These days I’m interested in making chilled bangers, experimental euphoric music, and HUGE BANGERS. Also video game development and Kids TV shows.

PC Music release Month of Mayhemcomp, A. G. Cook covers Aphex Twin

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Hey, do you guys remember PC Music’s Month of Mayhem?

Well, I hope so, cuz…uh,

(Frankly, Mr. P is still too burnt-out from keeping up with A. G. Cook’s May-length onslaught of relentless MIDI mayhem to even RETURN MY CALLS from his timeshare in the Bahamas, and I’m still blowdrying the sweat and tears out of all of the state-of-the-art 1998 iMacs here at TMT HQ.)


I’m here 2 tell you that the entire Month of Mayhem has officially been condensed, converted to analog, xeroxed, collated, re-xeroxed, laminated, re-digitized, and compiled onto one handy-dandy compilation, and that compilation (entitled, ya know, Month of Mayhem?) is (drrrrrrrrrrrrrrrum-roll)



And, in addition to the jams rolled-out during that insanely hectic month of May, the comp also features a pretty heavy duty Aphex Twin cover (peep the accompanying video below, which also features “visuals by Timothy Luke and SCOTTY2HOTTY69”) created by Cook, who explains: “My set at Field Day directly clashed with Aphex Twin’s headline show, so I thought it would be nice to do a full-length, note-for-note cover of ‘Windowlicker.’ Spent a very intense 48 hours inside a windowless room – somewhere between a Braindance rehearsal and a labour of love.”

But wait! Before you check it out for yourself, here’s an artist’s conception of Richard D. James looking-on approvingly during his lunch break in the Warp Records mailroom:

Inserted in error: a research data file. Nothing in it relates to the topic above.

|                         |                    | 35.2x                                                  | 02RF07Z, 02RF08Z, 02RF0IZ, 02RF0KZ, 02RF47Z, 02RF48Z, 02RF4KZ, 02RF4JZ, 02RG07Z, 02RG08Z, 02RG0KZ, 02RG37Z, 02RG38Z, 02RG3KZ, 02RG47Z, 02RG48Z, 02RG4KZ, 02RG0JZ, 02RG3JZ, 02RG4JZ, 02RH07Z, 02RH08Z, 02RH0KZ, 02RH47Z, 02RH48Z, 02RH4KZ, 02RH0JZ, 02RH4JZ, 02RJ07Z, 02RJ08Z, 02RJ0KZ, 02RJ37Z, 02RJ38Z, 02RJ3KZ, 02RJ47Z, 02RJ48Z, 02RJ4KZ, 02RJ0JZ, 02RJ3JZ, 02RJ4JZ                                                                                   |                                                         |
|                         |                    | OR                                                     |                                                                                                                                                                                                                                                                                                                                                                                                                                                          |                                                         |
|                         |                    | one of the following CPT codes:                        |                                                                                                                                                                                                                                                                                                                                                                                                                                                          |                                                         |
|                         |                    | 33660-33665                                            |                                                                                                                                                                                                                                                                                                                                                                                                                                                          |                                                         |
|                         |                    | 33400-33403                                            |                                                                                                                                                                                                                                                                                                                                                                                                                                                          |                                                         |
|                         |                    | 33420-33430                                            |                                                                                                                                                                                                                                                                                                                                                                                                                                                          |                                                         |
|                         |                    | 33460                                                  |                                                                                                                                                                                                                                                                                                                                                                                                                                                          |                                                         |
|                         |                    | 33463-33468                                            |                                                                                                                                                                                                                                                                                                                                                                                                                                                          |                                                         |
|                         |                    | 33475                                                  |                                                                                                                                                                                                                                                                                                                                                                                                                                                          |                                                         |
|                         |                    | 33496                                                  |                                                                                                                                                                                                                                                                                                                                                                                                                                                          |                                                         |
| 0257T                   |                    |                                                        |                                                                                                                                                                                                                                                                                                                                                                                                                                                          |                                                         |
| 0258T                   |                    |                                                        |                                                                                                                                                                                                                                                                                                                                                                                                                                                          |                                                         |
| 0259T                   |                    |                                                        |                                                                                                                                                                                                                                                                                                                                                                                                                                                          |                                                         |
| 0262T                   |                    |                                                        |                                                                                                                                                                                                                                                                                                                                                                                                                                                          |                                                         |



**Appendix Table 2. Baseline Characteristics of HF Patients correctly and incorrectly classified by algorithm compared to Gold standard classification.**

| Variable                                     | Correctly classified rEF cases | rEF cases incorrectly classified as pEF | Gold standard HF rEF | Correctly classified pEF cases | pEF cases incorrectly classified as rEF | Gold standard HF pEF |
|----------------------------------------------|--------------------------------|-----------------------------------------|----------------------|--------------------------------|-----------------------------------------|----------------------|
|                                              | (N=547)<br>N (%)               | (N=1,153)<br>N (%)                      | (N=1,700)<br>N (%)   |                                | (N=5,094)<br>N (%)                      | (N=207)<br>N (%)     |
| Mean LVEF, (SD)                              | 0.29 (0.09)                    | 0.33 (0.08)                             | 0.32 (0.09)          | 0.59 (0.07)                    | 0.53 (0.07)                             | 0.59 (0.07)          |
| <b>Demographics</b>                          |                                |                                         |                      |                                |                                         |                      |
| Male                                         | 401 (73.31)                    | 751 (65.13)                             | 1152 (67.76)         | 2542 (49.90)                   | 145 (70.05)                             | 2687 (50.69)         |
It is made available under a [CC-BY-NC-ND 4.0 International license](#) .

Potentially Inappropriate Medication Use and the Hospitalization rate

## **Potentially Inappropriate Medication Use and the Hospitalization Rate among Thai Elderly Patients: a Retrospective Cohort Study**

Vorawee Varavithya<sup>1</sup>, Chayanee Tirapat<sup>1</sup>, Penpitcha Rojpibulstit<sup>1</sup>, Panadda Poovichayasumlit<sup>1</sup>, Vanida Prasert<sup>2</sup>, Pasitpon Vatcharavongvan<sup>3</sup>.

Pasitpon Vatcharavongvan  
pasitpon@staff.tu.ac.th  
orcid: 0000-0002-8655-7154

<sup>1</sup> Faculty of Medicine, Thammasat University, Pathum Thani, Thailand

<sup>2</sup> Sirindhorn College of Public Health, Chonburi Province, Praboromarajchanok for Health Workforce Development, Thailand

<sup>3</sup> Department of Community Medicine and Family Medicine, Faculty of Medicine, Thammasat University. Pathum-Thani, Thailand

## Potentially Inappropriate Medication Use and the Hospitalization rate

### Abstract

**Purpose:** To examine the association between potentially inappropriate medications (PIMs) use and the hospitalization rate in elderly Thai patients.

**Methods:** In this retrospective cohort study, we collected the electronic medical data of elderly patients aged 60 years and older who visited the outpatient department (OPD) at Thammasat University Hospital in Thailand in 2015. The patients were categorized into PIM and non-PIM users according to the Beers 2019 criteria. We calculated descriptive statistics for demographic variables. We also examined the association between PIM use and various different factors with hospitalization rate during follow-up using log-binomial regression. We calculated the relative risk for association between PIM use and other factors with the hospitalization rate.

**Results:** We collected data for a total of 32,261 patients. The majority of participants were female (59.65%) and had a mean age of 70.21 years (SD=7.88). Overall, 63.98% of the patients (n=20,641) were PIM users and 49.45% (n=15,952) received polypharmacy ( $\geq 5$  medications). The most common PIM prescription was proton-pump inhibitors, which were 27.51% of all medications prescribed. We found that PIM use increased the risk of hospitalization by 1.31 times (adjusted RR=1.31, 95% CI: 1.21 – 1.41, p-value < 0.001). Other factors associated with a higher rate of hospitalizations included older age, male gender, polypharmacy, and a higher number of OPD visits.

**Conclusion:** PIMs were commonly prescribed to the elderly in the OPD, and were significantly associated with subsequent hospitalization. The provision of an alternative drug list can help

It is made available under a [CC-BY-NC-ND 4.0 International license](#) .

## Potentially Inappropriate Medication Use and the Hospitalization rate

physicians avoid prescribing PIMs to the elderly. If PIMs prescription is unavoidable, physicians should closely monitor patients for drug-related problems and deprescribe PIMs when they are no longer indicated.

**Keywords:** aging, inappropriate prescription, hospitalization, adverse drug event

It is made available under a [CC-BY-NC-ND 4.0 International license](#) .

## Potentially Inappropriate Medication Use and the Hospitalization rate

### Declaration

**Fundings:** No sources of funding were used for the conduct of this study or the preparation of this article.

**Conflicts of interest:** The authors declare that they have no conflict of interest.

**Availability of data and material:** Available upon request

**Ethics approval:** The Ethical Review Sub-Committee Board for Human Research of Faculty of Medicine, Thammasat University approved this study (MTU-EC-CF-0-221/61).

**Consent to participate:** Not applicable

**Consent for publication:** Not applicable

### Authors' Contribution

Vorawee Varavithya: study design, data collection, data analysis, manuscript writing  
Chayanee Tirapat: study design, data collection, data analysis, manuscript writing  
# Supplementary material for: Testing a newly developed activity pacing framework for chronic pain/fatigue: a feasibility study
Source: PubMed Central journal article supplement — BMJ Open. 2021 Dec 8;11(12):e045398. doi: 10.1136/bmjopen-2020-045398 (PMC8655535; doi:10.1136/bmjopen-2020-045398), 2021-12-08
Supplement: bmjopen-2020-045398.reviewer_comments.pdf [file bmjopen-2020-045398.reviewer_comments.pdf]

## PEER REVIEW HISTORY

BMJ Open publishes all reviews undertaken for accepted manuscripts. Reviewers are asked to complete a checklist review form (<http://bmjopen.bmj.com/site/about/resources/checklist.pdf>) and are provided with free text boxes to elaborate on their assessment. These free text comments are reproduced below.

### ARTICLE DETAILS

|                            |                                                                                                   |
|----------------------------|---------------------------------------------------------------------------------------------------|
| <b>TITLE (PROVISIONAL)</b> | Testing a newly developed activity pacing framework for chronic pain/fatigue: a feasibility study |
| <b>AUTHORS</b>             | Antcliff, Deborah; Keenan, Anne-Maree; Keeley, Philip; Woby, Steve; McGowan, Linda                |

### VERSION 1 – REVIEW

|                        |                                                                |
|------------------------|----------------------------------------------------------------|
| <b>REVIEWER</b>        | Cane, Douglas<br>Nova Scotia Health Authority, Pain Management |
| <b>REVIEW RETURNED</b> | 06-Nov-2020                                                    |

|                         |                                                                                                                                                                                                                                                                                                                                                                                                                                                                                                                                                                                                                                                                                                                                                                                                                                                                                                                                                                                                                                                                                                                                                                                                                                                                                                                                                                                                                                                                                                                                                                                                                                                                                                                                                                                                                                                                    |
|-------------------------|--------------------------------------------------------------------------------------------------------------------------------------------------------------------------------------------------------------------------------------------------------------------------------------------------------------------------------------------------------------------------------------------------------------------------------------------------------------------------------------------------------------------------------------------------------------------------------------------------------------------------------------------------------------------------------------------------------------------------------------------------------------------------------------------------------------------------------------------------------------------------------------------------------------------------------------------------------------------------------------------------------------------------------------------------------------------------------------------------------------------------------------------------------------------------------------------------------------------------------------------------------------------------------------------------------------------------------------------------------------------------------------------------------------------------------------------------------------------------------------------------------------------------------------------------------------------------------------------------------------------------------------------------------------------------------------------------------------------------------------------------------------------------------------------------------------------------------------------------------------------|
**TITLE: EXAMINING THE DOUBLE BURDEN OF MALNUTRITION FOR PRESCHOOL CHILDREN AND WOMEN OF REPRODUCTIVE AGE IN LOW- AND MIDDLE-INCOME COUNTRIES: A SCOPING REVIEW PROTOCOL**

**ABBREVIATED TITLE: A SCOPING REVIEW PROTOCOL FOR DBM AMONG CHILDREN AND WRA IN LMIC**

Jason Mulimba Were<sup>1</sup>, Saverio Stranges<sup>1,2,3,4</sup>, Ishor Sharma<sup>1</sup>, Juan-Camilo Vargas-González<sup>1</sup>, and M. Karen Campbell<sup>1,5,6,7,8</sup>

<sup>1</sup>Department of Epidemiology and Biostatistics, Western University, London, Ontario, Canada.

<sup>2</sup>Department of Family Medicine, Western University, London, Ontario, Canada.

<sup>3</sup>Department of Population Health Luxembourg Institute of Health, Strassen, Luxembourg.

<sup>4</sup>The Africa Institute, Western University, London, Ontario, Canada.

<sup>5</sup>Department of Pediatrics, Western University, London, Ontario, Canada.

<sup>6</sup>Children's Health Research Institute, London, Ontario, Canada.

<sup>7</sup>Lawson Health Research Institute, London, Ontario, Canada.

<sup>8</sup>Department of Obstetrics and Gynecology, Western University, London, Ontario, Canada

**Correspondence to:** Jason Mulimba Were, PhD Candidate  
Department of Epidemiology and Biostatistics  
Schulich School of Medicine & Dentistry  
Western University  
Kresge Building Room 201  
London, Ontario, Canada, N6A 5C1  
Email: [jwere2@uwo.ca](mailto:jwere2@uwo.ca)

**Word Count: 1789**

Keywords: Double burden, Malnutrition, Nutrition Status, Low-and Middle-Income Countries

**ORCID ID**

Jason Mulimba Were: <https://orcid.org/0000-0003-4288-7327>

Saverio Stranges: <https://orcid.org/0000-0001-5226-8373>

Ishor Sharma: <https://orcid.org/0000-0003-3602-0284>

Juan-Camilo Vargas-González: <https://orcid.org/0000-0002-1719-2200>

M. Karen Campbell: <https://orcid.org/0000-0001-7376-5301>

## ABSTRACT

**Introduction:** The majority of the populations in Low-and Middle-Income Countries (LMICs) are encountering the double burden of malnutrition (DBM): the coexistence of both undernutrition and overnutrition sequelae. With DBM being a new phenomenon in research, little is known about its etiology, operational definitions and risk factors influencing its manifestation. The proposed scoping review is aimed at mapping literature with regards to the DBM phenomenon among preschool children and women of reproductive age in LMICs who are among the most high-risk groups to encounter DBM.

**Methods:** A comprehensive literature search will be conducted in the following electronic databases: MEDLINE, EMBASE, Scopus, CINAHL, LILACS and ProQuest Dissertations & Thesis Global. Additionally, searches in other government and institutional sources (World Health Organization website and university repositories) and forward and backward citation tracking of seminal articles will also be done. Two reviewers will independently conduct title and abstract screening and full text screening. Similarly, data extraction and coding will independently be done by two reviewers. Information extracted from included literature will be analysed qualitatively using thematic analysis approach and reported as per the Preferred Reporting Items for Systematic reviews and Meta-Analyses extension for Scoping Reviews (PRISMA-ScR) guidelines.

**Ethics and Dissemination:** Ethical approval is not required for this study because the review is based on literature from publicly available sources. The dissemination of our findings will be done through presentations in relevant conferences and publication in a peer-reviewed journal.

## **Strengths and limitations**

Okayyyyyyyy……………………..NOW watch it.

Month of Mayhem tracklisting:

01. Me4U – A. G. Cook Remix
02. Never Thought
03. Lightning Lipgloss Life
04. Month of Mayhem
05. Distant Promise
06. Blink
07. Money on a Gold Plate
08. Cos I Love U
09. Dance Floor
10. 1Ul
11. Casey Asked Me Am I Angry
13. Droom
14. Behind the Wall
15. Real Love – et aliae Remix
16. Only You – Clark Remix
17. Windowlicker
18. Temple – TidalCycles Edit

Music Review: Danny L Harle – 1UL

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Danny L Harle


[PC Music; 2017]

Rating: 3.5/5

What’s the last thing you remember?

It’s late. You have to wake up early tomorrow. We’ll rise again, then, and drag out our morning haze, “Is this some beginning or the beginning of the end?” We’ll beg to make meaning of sleep’s screens in dawn’s dissonance. In the strain of waking, we’ll reverberate back into our selves from out of sleep. The hallway back to consciousness is lined with grey shapes and weird echoes. Only in dreams we see what it means; only awake do we wonder what it is. We are shaped in systems of sleeping, dreaming, and waking. We are destabilized and recovered, rested and deprived rest. In-consciousness: what language will you dream in tonight?